It’s the second installment of a new series of posts which are basically me posing my Masters of the Universe Origins action figures to reenact scenes from the cartoons and my imagination. Part 1, where I discuss the secret identity of He-Man, is here.
However, in addition to the secret identity of He-Man, Masters of the Universe: Revelation also addressed another major secret, which has been a part of the series at least since the original Filmation cartoon from the early 1980s, namely the mystery of Teela’s origin.
As far as Teela knows, she is the adopted daughter of Duncan a.k.a. Man-at-Arms. However, the original cartoon revealed that Teela’s biological mother is none other than the Sorceress of Castle Grayskull and all subsequent versions (except for the recent Netflix CGI cartoon, which has Duncan and Teela as good friends of the same age for reasons best known to the writers, though the Sorceress is still her mother) have stuck with this.
Once again, Teela’s true parentage is kept secret from her to keep her safe, because as the guardian of Castle Grayskull and the Orb of Power that rests underneath the castle, the Sorceress is also a prime target for Skeletor, Hordak, King Hiss and anybody else who wants to conquer Eternia. In many ways, this makes more sense than Adam keeping the fact that he is He-Man from his parents and Teela.
However, there is no real reason for the Sorceress not to tell Teela the truth, once Teela comes of age, especially since Teela has not only inherited her mother’s abilities but is also expected to eventually succeed her. As for why Duncan doesn’t tell her, the Sorceress swore him to silence and he is the sort of person to honour such a vow under any circumstance, which is probably why he winds up keeping every single secret on Eternia. Though in an episode of the 2002 cartoon, an uncommonly angry Duncan demands that the Sorceress tell Teela herself that she is her mother.
As with the secret identity of He-Man keeping the truth about her parentage from Teela actually causes more harm than good. For starters, Teela is terrified and confused by the powers she inherited from her mother and only embraces them, once she learns the truth.
Another issue, which is mostly only alluded to in the various cartoons, is the psychological effect that believing she is a foundling orphan has on Teela. Because in every version of the story, Teela is an absolute overarchiever. Whereas Adam is often seen napping, reading, fishing or otherwise relaxing with Cringer, Teela is always training or practicing. I don’t think we ever see her relaxing just once. And her constant training is rewarded with success, because she is promoted to Captain of the Royal Guard at a very young age and orders about soldiers a lot older than she is.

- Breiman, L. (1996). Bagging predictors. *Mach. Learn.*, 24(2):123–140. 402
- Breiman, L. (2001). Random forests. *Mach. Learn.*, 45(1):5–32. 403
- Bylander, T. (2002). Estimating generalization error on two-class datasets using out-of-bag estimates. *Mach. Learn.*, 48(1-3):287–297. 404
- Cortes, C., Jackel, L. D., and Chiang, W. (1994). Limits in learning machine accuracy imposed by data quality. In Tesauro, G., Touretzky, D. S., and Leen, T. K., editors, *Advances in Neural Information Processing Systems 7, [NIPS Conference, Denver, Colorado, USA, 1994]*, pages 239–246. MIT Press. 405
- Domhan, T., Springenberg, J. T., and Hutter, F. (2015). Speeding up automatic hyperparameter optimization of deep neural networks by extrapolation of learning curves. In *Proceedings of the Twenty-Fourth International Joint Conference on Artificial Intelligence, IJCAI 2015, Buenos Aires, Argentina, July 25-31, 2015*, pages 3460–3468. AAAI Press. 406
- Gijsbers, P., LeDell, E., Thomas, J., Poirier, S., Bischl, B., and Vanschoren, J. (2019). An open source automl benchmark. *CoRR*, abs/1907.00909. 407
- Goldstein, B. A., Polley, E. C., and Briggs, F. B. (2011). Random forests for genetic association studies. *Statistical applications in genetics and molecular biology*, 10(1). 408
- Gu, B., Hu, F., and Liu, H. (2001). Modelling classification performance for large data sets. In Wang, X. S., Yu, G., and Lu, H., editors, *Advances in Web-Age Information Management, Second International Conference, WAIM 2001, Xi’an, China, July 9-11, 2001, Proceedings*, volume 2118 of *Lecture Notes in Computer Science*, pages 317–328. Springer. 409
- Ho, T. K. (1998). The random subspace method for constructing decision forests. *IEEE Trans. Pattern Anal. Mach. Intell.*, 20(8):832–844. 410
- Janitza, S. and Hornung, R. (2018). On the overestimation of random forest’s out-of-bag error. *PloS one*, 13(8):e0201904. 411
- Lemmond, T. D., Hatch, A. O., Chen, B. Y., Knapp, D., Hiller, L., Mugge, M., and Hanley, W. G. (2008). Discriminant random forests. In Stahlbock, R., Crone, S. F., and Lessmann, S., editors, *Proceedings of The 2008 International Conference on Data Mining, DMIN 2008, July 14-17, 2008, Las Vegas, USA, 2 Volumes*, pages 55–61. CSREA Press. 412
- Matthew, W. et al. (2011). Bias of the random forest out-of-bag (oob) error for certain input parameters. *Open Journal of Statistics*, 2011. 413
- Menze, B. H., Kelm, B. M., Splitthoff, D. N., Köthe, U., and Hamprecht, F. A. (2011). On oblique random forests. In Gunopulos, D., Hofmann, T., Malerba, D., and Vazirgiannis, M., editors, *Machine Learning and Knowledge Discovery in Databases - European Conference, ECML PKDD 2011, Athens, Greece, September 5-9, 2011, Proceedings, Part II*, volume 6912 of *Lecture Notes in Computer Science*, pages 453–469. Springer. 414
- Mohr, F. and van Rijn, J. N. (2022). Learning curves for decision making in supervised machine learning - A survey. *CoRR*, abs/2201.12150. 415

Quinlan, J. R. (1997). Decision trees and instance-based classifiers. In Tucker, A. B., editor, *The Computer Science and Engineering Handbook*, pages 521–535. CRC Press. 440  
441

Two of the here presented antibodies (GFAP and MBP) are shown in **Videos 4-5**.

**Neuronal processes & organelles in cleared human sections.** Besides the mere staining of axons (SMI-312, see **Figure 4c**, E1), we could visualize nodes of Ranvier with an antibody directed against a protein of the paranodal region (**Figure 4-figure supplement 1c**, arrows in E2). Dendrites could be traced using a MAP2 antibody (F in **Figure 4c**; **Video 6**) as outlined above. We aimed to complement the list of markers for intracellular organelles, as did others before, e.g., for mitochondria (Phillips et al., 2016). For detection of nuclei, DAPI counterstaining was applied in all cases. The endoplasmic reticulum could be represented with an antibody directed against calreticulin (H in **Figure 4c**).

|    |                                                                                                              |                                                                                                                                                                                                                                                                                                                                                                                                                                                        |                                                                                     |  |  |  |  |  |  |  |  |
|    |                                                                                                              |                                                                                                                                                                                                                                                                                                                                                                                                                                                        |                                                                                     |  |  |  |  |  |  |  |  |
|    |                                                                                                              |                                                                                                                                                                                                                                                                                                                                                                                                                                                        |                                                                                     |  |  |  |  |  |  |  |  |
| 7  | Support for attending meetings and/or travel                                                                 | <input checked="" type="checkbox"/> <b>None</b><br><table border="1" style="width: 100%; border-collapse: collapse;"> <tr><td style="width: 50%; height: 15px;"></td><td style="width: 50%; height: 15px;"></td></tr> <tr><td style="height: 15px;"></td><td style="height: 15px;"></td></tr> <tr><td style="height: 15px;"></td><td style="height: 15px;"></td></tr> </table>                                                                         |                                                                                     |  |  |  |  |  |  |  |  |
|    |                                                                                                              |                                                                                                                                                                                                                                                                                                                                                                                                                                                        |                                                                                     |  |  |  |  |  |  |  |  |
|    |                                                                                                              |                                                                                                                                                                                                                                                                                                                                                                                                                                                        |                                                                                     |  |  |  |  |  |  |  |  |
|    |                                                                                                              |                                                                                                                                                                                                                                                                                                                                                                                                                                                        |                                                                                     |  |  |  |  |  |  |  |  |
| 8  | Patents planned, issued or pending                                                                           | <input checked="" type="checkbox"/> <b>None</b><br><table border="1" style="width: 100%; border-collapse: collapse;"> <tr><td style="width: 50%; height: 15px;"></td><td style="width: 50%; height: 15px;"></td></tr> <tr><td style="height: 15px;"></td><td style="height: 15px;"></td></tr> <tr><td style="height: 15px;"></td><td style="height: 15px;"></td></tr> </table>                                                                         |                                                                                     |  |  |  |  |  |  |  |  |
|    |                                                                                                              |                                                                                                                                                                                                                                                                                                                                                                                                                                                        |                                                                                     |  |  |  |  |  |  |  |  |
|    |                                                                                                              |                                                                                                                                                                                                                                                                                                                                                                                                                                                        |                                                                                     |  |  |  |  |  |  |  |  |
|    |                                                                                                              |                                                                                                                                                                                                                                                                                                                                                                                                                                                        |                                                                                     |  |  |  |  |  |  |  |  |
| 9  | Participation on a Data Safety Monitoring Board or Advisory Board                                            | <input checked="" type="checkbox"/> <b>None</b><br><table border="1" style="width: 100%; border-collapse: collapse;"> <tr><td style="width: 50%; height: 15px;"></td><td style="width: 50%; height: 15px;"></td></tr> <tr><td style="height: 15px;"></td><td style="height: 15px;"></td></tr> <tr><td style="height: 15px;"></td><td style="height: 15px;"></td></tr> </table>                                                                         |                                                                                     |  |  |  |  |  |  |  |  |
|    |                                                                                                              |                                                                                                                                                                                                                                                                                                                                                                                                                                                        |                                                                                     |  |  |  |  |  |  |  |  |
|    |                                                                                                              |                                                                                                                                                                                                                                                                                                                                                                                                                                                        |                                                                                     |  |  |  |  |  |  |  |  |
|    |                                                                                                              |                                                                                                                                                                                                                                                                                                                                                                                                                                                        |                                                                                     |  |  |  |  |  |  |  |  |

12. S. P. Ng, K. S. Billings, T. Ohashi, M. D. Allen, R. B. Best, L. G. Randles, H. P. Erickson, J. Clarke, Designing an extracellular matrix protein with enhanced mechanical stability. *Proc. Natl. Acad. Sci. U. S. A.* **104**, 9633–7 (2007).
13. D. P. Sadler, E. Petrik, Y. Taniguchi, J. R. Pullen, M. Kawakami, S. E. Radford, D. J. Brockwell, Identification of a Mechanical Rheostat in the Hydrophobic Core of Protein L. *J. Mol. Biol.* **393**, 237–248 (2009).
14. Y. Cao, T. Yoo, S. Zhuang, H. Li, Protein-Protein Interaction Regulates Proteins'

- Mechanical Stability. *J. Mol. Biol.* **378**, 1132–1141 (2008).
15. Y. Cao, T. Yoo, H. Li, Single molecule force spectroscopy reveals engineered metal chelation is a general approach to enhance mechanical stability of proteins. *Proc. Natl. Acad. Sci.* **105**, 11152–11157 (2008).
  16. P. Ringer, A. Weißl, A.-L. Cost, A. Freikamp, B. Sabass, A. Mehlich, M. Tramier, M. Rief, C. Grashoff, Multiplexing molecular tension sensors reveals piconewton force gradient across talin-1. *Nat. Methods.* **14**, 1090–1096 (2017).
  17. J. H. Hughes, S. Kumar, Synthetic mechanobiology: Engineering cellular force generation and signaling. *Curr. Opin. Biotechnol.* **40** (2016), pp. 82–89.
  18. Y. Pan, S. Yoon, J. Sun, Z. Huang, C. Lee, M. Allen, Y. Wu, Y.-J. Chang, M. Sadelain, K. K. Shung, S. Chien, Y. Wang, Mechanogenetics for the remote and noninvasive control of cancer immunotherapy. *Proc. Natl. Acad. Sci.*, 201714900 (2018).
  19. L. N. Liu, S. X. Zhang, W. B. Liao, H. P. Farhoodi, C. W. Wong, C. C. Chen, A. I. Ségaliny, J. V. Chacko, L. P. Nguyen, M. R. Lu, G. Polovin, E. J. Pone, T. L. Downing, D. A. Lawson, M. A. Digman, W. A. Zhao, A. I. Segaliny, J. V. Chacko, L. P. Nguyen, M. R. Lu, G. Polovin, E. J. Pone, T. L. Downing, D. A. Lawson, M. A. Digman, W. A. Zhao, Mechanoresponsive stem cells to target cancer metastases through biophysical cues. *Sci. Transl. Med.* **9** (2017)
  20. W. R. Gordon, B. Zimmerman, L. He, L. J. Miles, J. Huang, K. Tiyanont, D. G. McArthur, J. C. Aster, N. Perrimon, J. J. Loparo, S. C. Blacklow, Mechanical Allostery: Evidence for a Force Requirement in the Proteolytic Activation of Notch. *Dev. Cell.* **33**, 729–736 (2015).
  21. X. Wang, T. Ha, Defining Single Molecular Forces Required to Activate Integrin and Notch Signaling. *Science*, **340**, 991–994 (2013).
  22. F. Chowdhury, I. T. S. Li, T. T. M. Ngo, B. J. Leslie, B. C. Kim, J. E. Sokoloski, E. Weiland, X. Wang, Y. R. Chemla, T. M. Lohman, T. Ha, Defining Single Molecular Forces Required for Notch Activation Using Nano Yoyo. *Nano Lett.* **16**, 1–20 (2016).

Now as a kid, I always liked Teela. And a large part of the reason is that Teela always was the best at everything, stronger, faster and more skilled than Adam in his untransformed form. However, as an adult I can see how annoying growing up with someone like Teela must have been for everybody else around her. There is a flashback in an episode of the original cartoon, where an approximately twelve-year-old Teela is seen bossing around a squad of teenaged boys and making them march around the palace courtyard. She also bosses Adam around, who lets her, because he loves her. Plus, Adam has figured out how to sneak away and avoid Teela, when he’s not in the mood for yet another combat training session.
In another episode of the Filmation cartoon, we see Teela furious, because she lost a Sky Sled tournament. Her father, Adam and even Queen Marlena try to comfort her and praise her performance, but Teela won’t have any of that and even lashes out at poor Adam, when he tells her that she did great. No matter how good her performance, she lost, so she is a failure. Honestly, rewatching those cartoons as an adult, I often want to tell Teela, “Please, girl, just slow down, relax and have a bit of fun.”
If you work with young people, you will have encountered overarchievers like Teela. Mostly, they tend to be girls, though there are boys like that as well. Maybe you’ve even been one yourself (I was). As for why kids are like that, they realised at some point that getting good grades and being the best at something gains them approval from parents and other adults, so some of them develop the idea that they always need to be the best to be loved and wanted and that not being the very best mean they are a failure.
With Teela, there is an additional layer here, because as far as she knows, she’s an abandoned child who was adopted and therefore she feels the constant need to prove herself worthy of being loved and cared for. Of course, Teela doesn’t need to prove anything – her father loves her and her friends love her – but she still feels that she does and that’s why she is the way she is. It explains why she is constantly exasperated at Adam’s more laid back attitude, probably because she assumes that Adam can afford to be something of a slacker, because his position is assured, unlike hers. Though Adam of course has problems of his own, since his father thinks he’s something of a failure.
None of the cartoons ever explicitly spelled this out, but it’s definitely there in the background. And I read somewhere that Filmation actually had a teacher (the teacher of one of the kids of Filmation founder Lou Scheimer) on staff as a pedagogic consultant to review the scripts and come up with the little moral messages tacked on at the end of every episode. And as a teacher, you encounter overarchieving kids very quickly – there’s usually at least one in every class – so that consultant would have known exactly what such kids are like and that “You know, your parents will still love you, even if you’re not always the best” was a message they needed to hear once in a while.